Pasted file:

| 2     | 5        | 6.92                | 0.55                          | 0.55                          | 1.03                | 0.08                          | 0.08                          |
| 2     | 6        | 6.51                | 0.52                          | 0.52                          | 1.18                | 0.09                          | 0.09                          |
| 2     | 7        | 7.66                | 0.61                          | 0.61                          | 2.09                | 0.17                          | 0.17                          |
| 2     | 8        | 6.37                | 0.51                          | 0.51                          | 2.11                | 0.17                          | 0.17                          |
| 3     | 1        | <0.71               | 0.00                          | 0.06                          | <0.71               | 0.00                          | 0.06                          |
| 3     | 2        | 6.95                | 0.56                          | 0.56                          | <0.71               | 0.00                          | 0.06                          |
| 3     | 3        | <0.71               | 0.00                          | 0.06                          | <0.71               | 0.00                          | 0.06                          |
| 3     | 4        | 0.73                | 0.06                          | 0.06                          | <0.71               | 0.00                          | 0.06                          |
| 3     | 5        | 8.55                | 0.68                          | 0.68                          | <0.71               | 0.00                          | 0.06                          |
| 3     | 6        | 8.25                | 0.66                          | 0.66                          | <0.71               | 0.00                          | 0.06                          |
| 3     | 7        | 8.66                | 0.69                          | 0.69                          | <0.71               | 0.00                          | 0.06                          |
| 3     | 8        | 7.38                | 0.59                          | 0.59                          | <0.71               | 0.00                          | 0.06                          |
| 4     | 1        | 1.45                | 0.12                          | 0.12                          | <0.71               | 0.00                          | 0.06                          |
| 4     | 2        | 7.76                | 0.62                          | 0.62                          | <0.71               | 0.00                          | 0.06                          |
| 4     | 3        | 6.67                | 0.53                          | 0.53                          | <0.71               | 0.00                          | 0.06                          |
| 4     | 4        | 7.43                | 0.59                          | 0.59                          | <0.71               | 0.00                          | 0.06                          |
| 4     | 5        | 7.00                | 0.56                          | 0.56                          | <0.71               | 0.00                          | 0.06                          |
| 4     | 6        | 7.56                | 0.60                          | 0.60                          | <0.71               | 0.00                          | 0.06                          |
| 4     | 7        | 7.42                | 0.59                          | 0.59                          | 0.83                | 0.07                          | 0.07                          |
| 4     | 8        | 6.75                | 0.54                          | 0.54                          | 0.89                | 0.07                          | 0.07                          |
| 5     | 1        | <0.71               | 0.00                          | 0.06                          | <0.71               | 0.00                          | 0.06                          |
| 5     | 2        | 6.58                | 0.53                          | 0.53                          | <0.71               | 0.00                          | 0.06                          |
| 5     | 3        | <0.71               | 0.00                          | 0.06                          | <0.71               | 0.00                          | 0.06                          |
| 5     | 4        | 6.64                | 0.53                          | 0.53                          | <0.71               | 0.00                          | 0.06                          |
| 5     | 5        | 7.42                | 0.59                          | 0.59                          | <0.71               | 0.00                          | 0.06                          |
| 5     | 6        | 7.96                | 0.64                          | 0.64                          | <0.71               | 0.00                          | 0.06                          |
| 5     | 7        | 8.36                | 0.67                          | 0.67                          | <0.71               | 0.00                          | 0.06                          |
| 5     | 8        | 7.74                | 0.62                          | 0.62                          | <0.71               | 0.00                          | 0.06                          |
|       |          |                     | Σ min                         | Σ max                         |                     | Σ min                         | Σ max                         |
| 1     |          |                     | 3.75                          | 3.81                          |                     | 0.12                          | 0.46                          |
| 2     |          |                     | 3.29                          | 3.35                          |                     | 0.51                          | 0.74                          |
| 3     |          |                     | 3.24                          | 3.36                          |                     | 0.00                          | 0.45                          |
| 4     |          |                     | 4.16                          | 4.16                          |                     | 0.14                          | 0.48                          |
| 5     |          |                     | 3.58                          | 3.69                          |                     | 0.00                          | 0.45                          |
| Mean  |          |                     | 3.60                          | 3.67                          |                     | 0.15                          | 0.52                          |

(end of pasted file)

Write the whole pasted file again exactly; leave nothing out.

| 2     | 5        | 6.92                | 0.55                          | 0.55                          | 1.03                | 0.08                          | 0.08                          |
| 2     | 6        | 6.51                | 0.52                          | 0.52                          | 1.18                | 0.09                          | 0.09                          |
| 2     | 7        | 7.66                | 0.61                          | 0.61                          | 2.09                | 0.17                          | 0.17                          |
| 2     | 8        | 6.37                | 0.51                          | 0.51                          | 2.11                | 0.17                          | 0.17                          |
| 3     | 1        | <0.71               | 0.00                          | 0.06                          | <0.71               | 0.00                          | 0.06                          |
| 3     | 2        | 6.95                | 0.56                          | 0.56                          | <0.71               | 0.00                          | 0.06                          |
| 3     | 3        | <0.71               | 0.00                          | 0.06                          | <0.71               | 0.00                          | 0.06                          |
| 3     | 4        | 0.73                | 0.06                          | 0.06                          | <0.71               | 0.00                          | 0.06                          |
| 3     | 5        | 8.55                | 0.68                          | 0.68                          | <0.71               | 0.00                          | 0.06                          |
| 3     | 6        | 8.25                | 0.66                          | 0.66                          | <0.71               | 0.00                          | 0.06                          |
| 3     | 7        | 8.66                | 0.69                          | 0.69                          | <0.71               | 0.00                          | 0.06                          |
| 3     | 8        | 7.38                | 0.59                          | 0.59                          | <0.71               | 0.00                          | 0.06                          |
| 4     | 1        | 1.45                | 0.12                          | 0.12                          | <0.71               | 0.00                          | 0.06                          |
| 4     | 2        | 7.76                | 0.62                          | 0.62                          | <0.71               | 0.00                          | 0.06                          |
| 4     | 3        | 6.67                | 0.53                          | 0.53                          | <0.71               | 0.00                          | 0.06                          |
| 4     | 4        | 7.43                | 0.59                          | 0.59                          | <0.71               | 0.00                          | 0.06                          |
| 4     | 5        | 7.00                | 0.56                          | 0.56                          | <0.71               | 0.00                          | 0.06                          |
| 4     | 6        | 7.56                | 0.60                          | 0.60                          | <0.71               | 0.00                          | 0.06                          |
| 4     | 7        | 7.42                | 0.59                          | 0.59                          | 0.83                | 0.07                          | 0.07                          |
| 4     | 8        | 6.75                | 0.54                          | 0.54                          | 0.89                | 0.07                          | 0.07                          |
| 5     | 1        | <0.71               | 0.00                          | 0.06                          | <0.71               | 0.00                          | 0.06                          |
| 5     | 2        | 6.58                | 0.53                          | 0.53                          | <0.71               | 0.00                          | 0.06                          |
| 5     | 3        | <0.71               | 0.00                          | 0.06                          | <0.71               | 0.00                          | 0.06                          |
| 5     | 4        | 6.64                | 0.53                          | 0.53                          | <0.71               | 0.00                          | 0.06                          |
| 5     | 5        | 7.42                | 0.59                          | 0.59                          | <0.71               | 0.00                          | 0.06                          |
| 5     | 6        | 7.96                | 0.64                          | 0.64                          | <0.71               | 0.00                          | 0.06                          |
| 5     | 7        | 8.36                | 0.67                          | 0.67                          | <0.71               | 0.00                          | 0.06                          |
| 5     | 8        | 7.74                | 0.62                          | 0.62                          | <0.71               | 0.00                          | 0.06                          |
|       |          |                     | Σ min                         | Σ max                         |                     | Σ min                         | Σ max                         |
| 1     |          |                     | 3.75                          | 3.81                          |                     | 0.12                          | 0.46                          |
| 2     |          |                     | 3.29                          | 3.35                          |                     | 0.51                          | 0.74                          |
| 3     |          |                     | 3.24                          | 3.36                          |                     | 0.00                          | 0.45                          |
| 4     |          |                     | 4.16                          | 4.16                          |                     | 0.14                          | 0.48                          |
| 5     |          |                     | 3.58                          | 3.69                          |                     | 0.00                          | 0.45                          |
| Mean  |          |                     | 3.60                          | 3.67                          |                     | 0.15                          | 0.52                          |